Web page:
Quoting from the same RFC2109 you read:
* A Set-Cookie from request-host x.foo.com for Domain=.foo.com would
subdomain.example.com can set a cookie for
.example.com. So far so good.
The following rules apply to choosing applicable cookie-values from
among all the cookies the user agent has.
The origin server's fully-qualified host name must domain-match
the Domain attribute of the cookie
So do we have a domain-match?
* A is a FQDN string and has the form NB, where N is a non-empty name
string, B has the form .B', and B' is a FQDN string. (So, x.y.com
domain-matches .y.com but not y.com.)
example.com wouldn't domain-match
.example.com according to the definition. But
www.example.com (or any other "non-empty name" in the domain) would. This RFC is in theory obsoleted by RFC2965, which dictated things about forcing a leading dot for domains on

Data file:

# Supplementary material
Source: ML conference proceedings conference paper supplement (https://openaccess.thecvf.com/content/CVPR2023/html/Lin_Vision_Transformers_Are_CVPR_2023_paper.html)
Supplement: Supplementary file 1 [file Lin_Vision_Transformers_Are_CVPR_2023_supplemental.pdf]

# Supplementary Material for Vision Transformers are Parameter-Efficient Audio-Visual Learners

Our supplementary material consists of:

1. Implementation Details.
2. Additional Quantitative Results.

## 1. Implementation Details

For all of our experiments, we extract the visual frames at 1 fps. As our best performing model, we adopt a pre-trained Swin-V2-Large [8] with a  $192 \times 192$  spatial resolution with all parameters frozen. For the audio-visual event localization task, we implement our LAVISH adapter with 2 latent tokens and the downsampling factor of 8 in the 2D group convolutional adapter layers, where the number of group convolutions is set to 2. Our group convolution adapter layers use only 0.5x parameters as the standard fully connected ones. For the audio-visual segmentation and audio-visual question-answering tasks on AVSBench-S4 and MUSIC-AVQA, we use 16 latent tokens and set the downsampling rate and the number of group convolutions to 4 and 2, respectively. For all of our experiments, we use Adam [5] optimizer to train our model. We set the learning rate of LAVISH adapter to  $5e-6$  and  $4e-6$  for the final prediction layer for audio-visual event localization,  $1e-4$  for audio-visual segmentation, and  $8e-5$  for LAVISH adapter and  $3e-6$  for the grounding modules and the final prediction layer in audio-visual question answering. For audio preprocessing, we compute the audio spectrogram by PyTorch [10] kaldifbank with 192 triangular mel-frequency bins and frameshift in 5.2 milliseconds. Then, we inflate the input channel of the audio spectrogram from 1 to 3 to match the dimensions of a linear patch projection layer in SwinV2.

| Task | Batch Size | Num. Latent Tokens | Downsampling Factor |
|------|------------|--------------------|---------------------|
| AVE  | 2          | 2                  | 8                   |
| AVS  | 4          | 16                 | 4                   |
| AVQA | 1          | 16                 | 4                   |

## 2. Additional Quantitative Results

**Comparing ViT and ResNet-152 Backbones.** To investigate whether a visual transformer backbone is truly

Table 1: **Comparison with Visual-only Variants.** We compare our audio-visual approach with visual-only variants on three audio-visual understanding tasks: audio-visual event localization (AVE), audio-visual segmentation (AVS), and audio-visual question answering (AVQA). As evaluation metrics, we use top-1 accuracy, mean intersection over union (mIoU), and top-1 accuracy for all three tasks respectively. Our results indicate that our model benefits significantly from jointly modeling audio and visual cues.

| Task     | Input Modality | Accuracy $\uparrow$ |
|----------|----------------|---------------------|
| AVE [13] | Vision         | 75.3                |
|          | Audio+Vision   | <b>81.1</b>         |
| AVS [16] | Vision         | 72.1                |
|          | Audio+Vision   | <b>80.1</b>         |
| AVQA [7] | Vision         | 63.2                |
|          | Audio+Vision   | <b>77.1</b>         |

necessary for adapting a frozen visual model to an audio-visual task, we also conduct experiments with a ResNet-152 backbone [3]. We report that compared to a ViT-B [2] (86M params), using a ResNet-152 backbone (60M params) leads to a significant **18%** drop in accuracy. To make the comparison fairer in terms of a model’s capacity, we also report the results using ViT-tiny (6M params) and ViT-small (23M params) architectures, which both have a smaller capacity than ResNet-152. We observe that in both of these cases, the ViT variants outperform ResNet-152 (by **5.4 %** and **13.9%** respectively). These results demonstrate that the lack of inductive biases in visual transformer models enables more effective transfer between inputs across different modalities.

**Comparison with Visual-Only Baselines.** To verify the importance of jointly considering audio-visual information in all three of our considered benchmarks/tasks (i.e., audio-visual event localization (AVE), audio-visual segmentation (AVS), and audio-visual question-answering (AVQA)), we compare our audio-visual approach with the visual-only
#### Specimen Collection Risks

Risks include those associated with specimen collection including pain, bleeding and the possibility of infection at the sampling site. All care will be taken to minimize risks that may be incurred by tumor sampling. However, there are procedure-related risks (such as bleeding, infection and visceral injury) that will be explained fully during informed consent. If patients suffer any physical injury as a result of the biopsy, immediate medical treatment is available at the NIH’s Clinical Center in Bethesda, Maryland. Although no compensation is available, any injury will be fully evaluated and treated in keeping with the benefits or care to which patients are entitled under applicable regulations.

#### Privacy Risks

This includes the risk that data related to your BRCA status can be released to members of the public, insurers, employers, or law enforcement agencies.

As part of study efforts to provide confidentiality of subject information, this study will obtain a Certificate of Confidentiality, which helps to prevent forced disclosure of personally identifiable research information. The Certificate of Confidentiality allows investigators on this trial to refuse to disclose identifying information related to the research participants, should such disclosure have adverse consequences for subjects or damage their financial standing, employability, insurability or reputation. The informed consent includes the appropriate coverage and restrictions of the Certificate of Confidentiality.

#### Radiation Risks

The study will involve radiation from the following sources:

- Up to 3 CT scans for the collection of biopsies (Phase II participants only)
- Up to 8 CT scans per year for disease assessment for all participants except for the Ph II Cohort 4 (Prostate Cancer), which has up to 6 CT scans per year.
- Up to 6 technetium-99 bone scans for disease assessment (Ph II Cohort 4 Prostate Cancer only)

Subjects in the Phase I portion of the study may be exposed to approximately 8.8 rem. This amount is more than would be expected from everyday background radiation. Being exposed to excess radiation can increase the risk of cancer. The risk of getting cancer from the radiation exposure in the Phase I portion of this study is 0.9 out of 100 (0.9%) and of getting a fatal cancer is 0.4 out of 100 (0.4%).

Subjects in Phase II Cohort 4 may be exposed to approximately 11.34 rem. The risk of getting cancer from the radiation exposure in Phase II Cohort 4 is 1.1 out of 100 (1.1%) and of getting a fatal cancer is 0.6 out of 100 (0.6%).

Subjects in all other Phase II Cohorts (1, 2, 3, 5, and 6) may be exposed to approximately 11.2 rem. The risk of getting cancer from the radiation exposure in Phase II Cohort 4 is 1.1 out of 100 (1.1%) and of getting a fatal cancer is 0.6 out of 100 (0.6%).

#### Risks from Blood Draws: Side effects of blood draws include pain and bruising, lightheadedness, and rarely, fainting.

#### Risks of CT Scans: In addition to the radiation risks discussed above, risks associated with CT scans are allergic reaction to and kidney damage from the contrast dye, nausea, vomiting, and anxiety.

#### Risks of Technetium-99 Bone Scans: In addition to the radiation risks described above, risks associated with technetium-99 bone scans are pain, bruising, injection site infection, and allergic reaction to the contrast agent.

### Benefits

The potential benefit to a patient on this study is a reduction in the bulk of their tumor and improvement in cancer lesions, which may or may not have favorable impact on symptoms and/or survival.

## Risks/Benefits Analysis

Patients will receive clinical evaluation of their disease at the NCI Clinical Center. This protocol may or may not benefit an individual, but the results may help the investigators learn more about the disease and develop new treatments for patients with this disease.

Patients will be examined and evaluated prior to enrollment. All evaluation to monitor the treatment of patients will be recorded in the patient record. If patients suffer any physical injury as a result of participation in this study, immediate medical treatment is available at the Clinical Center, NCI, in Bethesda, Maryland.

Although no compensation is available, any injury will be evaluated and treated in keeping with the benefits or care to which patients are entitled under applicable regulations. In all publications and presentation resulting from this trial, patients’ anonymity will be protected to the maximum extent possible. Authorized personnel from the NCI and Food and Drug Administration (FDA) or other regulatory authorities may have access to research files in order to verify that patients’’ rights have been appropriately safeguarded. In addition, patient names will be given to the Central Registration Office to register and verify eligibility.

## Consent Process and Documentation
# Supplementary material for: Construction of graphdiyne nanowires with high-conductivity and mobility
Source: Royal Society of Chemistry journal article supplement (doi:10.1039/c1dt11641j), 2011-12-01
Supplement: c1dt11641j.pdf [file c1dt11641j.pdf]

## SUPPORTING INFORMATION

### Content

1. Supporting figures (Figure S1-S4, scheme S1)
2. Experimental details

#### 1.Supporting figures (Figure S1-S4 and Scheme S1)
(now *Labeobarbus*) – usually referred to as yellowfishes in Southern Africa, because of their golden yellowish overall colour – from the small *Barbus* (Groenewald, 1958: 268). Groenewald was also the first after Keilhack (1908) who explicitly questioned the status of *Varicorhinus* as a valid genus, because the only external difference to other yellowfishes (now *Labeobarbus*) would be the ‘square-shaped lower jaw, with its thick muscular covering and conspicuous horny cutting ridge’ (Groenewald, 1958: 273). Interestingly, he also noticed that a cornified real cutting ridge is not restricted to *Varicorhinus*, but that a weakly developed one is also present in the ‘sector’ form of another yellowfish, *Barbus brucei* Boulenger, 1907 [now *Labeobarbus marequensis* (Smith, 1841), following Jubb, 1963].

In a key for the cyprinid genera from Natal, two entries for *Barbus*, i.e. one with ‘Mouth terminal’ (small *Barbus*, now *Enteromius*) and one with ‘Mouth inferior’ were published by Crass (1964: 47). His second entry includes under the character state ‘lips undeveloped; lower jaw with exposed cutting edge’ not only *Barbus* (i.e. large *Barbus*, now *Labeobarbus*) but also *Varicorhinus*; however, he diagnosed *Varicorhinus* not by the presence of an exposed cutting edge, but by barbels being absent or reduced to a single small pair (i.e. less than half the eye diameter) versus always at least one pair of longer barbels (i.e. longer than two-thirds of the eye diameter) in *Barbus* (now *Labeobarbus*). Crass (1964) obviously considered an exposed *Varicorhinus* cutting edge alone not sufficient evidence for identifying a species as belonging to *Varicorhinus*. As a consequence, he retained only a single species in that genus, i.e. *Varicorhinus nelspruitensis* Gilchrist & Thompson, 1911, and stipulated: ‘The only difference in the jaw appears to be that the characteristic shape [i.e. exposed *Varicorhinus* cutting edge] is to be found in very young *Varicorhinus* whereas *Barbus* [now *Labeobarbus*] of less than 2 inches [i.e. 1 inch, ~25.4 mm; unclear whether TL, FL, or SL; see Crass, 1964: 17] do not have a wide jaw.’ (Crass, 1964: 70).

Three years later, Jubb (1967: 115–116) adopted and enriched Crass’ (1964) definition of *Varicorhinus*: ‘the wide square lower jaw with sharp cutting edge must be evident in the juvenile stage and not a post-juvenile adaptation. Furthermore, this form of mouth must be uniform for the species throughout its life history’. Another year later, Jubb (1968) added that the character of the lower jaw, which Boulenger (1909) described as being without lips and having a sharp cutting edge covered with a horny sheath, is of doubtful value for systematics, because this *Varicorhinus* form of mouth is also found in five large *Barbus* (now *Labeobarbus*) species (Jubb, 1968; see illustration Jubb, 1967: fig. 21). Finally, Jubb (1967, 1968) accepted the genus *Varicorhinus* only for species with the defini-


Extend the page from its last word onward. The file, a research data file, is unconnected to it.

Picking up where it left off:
More important, as noted by @Tony, is the real world. For a glimpse into what actual user agents are doing, see
Firefox 3's nsCookieService.cpp
For perspective into what actual sites are doing, try playing with
--debug to see what's going on.
You'll likely find that in fact most sites are using some combination of
Set-Cookie from the older RFC spec with "Host" values, implicitly without a leading dot (as twitter.com does) or setting Domain values (with a leading dot) and redirecting to a server like
www.example.com (as google.com does).